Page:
Thursday, November 13, 2008

Plot, Place, Character?

In searching for a subject for this morning's blog post, I was glancing through Speaking of Murder—Interviews with Masters of Mystery and Suspense published by Berkley Prime Crime, way back in 1998. I stumbled upon an interview with Elizabeth George where she speaks about her deep "psychic" connection to England. She goes on to say how she starts with the merest kernel of a plot then spends about a week at the location of choice (a spot in the U.K.) to allow the seed to germinate. She often goes back later, as the story develops, to soak up more of the region.

She particularly likes writing about a foreign country because she notices every detail. She goes on to say that when writing about U.S. locations, she doesn’t pick up the same info on her radar. The nuances of every day life, like the type of raincoat a person wears, the food one orders, the newspapers one reads, all are so familiar, the tiny things get lost in the shuffle.

So this started me thinking, how much do you think a sense of place has to do with your story?

I know that most of the authors that post regularly on this blog write series mysteries, so the question of place is often answered in advance. Not always, though. And sometimes, just like similar plots or the same core characters go stale without a new twist, a writer needs to shake things up a bit with their sense of place.

I believe this is why, as a series goes on, we often see characters from a small town take a trip. You see it all the time on TV.

Lucy and Ricky and Ethel and Fred loaded up the car and went to Hollywood. Later in the series, they even bought a country inn. And then, look at "Murder She Wrote." Cabot Cove having beaten out Detroit and Washington, D.C. as the town with the most killings per capita, Jessica Fletcher split for greener (or more bloody) pastures just about every week. But, I think it's safe to say, by that point in the series, the sense of place established by the series traveled with her. Maine in that big black purse, ah-yup.

And take a look at the CSI TV shows, talk about a sense of place! NY, Las Vegas, and Nevada, ne'er the twain shall meet. (Except that one time when Horatio flew to N.Y. He seemed so lost without his shades, but don't get me started!)

When Midnight Ink first considered my book, BrigaDOOM, they asked if I would move the Kate London Mystery Series from the western Michigan coast to Cleveland. Cleveland??
After I finished gasping and got up off the floor, I took a deep breath and explained how inextricably linked a small, blighted town on Lake Michigan's shore was to the characters' sense of self, the stories, and the series in general. The frustrations of an 'almost tourist town' that is unique to that part of Michigan, the feeling of a peninsula, the shortest of summer seasons, the dunes, so many things would change or be lost. I grew up not far from Cleveland, and a person not from Michigan might argue that they are close enough, take it from me, they're not.
Midnight Ink, thankfully, agreed.

So, how strong is the sense of place in what you write? In what you read? What would happen if you moved your protagonist to another town?


Sue Ann Jaffarian said...

Personally, I think it's good to change up a mystery series every now and then. It keeps it fresh for both the reader and author.

In the Odelia Grey novel I'm writing now, I've taken Odelia out of So. Cal and plunked her down in rural Massachusetts. But it wasn't an artificial move, but a very significant plot reason. It will be interesting to see what my readers think.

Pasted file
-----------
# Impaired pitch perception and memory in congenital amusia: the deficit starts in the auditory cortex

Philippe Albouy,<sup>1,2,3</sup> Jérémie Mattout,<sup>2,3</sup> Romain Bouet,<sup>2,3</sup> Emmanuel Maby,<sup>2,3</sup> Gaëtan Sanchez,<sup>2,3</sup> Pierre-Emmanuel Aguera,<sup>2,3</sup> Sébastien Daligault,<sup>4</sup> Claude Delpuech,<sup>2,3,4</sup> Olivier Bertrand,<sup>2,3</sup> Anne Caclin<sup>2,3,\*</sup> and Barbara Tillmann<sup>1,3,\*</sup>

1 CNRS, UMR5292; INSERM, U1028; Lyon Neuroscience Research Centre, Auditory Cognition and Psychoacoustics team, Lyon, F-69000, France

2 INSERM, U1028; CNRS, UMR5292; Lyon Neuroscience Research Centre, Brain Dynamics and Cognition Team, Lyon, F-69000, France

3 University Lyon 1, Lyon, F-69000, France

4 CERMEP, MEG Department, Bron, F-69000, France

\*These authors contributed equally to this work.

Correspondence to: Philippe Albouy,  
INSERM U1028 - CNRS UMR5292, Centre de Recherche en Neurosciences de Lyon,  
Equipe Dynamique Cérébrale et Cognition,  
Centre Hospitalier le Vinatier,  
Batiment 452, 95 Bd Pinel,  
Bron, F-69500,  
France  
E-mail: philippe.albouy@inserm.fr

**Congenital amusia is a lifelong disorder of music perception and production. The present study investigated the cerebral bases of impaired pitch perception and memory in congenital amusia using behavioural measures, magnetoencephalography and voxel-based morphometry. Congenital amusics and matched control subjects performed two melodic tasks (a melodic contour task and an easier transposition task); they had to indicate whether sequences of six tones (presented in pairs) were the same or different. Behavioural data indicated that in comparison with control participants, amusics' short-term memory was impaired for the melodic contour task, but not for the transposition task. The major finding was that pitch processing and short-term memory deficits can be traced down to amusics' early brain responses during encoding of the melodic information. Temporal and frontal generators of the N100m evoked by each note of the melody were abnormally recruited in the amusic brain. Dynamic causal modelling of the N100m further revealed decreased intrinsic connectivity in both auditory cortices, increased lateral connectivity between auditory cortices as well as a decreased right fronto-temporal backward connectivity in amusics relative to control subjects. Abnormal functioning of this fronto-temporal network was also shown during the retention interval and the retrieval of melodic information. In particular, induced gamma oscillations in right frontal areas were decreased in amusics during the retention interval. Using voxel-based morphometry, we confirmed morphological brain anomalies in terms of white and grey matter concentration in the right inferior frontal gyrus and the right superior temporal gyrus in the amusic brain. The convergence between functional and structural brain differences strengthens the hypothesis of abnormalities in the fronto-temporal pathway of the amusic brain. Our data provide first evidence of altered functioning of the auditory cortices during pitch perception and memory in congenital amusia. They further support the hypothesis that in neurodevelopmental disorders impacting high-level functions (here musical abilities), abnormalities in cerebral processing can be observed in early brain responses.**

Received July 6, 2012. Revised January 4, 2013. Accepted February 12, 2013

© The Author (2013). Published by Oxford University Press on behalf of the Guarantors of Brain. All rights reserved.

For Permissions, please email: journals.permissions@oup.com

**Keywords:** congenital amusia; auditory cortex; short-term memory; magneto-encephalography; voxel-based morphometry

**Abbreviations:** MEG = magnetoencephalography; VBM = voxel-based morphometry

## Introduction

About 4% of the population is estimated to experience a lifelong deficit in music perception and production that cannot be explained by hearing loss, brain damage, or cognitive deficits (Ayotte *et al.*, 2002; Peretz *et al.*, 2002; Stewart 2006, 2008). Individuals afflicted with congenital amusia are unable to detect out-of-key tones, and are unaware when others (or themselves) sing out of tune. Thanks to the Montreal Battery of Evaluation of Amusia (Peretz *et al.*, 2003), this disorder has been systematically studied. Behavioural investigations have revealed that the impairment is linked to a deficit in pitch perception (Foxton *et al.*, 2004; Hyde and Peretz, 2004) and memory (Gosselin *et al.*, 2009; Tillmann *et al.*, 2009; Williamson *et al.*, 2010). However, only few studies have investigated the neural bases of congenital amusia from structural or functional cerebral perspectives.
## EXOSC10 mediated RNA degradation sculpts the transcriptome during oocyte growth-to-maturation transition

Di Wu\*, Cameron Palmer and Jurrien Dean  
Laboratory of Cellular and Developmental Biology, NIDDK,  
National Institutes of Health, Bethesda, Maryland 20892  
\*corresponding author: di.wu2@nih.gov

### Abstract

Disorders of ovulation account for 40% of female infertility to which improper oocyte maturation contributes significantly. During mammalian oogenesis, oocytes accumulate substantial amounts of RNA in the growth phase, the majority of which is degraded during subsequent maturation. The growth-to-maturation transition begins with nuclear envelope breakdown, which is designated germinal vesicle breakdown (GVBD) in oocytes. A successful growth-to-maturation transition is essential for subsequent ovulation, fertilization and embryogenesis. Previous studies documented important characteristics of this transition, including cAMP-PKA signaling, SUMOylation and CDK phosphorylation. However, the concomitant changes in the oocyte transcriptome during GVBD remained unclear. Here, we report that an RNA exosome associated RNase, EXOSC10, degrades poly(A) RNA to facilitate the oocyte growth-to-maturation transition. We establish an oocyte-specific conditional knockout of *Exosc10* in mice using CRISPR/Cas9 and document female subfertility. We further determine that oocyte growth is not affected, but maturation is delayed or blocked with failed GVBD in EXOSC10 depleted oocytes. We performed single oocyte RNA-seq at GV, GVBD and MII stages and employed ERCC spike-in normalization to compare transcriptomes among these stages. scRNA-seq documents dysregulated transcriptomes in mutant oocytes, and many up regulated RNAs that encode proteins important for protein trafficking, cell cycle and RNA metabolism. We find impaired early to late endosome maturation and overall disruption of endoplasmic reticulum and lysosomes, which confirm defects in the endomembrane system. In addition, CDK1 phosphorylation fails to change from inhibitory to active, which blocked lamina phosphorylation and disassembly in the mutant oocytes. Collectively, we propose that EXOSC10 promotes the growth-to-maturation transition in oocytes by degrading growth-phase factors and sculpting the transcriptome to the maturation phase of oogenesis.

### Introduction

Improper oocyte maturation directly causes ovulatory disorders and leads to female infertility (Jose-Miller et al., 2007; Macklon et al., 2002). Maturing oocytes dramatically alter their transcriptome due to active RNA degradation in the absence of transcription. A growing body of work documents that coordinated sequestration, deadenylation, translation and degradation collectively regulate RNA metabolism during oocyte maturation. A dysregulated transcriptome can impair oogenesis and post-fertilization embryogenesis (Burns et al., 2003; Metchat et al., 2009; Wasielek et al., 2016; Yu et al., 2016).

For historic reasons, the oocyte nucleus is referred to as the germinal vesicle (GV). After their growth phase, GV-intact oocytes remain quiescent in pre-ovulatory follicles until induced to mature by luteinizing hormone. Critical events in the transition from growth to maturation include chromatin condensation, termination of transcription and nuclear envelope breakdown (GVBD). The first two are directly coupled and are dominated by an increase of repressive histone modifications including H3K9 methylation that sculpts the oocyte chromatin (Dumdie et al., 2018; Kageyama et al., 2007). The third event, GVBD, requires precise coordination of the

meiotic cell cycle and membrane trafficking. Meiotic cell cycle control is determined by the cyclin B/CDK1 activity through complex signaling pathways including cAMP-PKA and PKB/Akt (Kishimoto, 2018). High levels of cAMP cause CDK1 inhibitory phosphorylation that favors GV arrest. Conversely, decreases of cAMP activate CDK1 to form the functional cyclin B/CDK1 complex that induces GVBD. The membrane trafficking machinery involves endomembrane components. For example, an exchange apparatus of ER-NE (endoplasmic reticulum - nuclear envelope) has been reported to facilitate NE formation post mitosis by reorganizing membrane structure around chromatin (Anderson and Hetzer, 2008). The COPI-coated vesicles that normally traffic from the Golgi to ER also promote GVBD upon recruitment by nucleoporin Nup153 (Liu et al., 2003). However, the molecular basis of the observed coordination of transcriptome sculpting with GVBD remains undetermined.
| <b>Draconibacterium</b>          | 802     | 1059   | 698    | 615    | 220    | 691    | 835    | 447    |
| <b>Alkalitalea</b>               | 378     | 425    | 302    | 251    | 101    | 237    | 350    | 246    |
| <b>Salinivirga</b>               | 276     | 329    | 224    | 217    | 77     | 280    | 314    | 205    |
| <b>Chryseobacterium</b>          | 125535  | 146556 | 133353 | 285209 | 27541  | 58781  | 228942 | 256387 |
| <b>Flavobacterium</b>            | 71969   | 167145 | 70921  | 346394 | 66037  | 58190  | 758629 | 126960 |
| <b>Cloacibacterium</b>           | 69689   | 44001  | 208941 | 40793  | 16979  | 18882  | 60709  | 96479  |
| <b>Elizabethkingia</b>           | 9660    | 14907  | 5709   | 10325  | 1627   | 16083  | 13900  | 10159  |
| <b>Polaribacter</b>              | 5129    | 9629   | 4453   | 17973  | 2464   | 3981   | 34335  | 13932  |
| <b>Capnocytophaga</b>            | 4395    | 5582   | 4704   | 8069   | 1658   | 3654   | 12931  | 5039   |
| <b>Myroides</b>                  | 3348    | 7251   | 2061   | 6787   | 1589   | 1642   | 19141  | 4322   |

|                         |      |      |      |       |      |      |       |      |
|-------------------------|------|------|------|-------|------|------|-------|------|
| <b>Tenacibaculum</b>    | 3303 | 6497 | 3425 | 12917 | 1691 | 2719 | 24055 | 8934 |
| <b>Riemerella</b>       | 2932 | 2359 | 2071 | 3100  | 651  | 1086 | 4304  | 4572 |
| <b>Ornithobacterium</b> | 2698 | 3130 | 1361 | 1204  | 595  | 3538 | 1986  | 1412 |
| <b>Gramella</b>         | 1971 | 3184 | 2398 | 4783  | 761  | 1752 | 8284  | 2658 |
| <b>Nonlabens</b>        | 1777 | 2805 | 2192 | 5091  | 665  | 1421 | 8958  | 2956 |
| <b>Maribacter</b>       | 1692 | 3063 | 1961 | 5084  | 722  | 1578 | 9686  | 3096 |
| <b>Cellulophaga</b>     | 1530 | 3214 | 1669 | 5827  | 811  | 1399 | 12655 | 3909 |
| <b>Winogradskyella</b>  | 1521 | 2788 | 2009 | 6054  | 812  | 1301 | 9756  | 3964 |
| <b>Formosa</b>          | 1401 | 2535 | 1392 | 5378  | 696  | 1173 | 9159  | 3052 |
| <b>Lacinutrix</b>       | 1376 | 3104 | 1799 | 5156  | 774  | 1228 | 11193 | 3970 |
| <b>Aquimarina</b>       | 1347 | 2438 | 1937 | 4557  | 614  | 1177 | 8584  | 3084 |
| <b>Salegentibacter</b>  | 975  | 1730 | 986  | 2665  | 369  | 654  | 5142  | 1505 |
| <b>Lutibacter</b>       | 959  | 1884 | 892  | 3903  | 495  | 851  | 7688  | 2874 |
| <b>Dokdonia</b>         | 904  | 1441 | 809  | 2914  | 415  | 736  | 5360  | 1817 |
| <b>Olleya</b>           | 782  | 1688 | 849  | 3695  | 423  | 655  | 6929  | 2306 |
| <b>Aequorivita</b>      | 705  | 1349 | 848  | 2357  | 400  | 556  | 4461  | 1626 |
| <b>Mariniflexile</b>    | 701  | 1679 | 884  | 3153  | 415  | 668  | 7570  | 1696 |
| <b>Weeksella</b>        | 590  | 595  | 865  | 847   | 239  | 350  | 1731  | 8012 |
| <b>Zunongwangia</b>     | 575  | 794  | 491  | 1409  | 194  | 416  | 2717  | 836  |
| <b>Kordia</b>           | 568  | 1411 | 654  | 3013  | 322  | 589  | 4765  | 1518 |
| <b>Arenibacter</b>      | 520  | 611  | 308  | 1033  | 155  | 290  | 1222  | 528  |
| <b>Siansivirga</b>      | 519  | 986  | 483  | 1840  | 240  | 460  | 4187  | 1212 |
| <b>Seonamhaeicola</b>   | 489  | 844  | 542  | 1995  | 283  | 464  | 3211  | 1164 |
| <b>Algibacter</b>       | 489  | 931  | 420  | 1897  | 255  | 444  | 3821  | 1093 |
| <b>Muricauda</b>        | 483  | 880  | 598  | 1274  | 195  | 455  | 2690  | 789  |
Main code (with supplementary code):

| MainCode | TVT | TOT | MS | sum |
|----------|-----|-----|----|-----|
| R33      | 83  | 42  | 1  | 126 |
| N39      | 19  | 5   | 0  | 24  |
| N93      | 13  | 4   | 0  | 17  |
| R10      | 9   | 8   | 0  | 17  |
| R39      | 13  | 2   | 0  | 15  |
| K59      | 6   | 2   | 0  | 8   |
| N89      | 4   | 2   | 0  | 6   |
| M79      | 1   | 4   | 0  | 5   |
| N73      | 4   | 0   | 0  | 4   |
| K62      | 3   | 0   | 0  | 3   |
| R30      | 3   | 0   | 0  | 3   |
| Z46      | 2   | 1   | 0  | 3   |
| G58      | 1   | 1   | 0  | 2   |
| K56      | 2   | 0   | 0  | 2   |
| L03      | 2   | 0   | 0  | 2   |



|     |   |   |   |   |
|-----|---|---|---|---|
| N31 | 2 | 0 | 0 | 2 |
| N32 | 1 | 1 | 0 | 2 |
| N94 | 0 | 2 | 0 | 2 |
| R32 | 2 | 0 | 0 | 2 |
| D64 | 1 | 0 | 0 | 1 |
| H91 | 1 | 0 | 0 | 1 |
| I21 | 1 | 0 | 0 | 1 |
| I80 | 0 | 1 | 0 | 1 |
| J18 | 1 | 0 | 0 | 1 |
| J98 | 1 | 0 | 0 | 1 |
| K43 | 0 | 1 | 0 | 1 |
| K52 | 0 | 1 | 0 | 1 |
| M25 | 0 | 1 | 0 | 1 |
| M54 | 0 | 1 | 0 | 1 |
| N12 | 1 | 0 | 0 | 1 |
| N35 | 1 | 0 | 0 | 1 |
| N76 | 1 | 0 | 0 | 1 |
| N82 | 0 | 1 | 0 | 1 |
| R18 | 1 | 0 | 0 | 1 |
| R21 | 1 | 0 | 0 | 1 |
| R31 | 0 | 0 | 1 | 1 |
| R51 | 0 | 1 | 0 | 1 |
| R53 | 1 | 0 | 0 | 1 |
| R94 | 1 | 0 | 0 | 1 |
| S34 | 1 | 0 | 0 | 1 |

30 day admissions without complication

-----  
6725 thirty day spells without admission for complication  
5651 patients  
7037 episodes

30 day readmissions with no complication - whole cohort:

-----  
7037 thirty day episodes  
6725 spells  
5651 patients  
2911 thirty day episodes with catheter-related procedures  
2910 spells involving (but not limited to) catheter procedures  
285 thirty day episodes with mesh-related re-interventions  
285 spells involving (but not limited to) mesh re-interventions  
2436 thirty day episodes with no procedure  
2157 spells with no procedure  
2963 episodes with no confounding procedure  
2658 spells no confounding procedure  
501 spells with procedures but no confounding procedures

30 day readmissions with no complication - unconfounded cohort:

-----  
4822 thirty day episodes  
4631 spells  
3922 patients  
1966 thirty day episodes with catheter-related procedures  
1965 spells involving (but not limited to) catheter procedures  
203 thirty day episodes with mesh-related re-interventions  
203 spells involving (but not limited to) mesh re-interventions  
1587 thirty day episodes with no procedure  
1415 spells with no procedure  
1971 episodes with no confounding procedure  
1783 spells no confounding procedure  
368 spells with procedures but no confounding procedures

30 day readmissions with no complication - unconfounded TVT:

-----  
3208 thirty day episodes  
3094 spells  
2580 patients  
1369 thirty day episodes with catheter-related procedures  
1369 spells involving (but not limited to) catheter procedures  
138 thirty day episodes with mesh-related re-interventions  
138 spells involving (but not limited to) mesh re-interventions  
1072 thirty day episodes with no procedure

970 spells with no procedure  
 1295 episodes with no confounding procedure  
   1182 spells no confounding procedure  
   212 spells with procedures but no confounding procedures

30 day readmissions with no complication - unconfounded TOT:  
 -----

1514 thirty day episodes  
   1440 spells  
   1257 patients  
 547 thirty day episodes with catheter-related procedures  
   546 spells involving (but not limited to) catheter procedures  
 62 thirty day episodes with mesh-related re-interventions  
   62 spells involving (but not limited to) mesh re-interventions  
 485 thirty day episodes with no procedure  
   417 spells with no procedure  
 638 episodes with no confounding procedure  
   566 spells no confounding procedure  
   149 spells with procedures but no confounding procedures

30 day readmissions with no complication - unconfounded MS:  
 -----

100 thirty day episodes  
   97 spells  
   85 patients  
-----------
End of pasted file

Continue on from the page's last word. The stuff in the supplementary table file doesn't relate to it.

In my new Granny Apples series, I've decided to change locations in each book. Although the protagonist is centered in Pasadena, CA, much of the story in each book will take place elsewhere. In the first, it's in Julian, CA. In the 2nd, it will be on Catalina Island. I'll be spending 4 days on Catalina over Thanksgiving taking photos and making notes. Not sure yet where I'm placing book #3 but I have some ideas. Might depend on where I want to vacation next year. :)

Cricket McRae said...

I find a sense of place vital to telling a story, whether novel, short story, or creative nonfiction. It becomes almost a character in itself, informing both plot and character.

And many readers love regional mysteries, even if they aren't set in their own "region." In a series you get to know the place as much as you do the characters. Even in series where the setting changes from book to book, that very fact enters into the equation.

Joanna Campbell Slan said...

My goal was to write a series which couldn't take place anywhere but in St. Louis. Now I'm working away on Book #3, and I'm researching the Veiled Prophet fair, parade and event as St. Louisan as the Arch, but relatively unknown to those outside our city.

G.M. Malliet said...

I was fascinated by your comment from Elizabeth George. That's exactly why I set my books in Great Britain...the details (meals, clothing, weather) are much more interesting to me than American details, which I tend not to notice anyway.

I think I've said here before: Writing is a form of time-travel for me...when I'm writing the St. Just books I really *am* in Great Britain.

Deborah Sharp said...

I'm early in my series, so still "fixed'' in my mind to the rodeo-and-ranches slice of Florida that remains largely unknown (EVERYBODY knows Disney and sexy South Beach!)

I wouldn't absolutely rule out moving Mama and the gals from smalltown Himmarshee, Fla. Yet, the setting seems like such a crucial element of who they are, and why they're the way they are, that I'm happy to leave them there ... at least until they (or I) get bored, and start clamoring to move to somewhere snazzier. Mama Does Miami?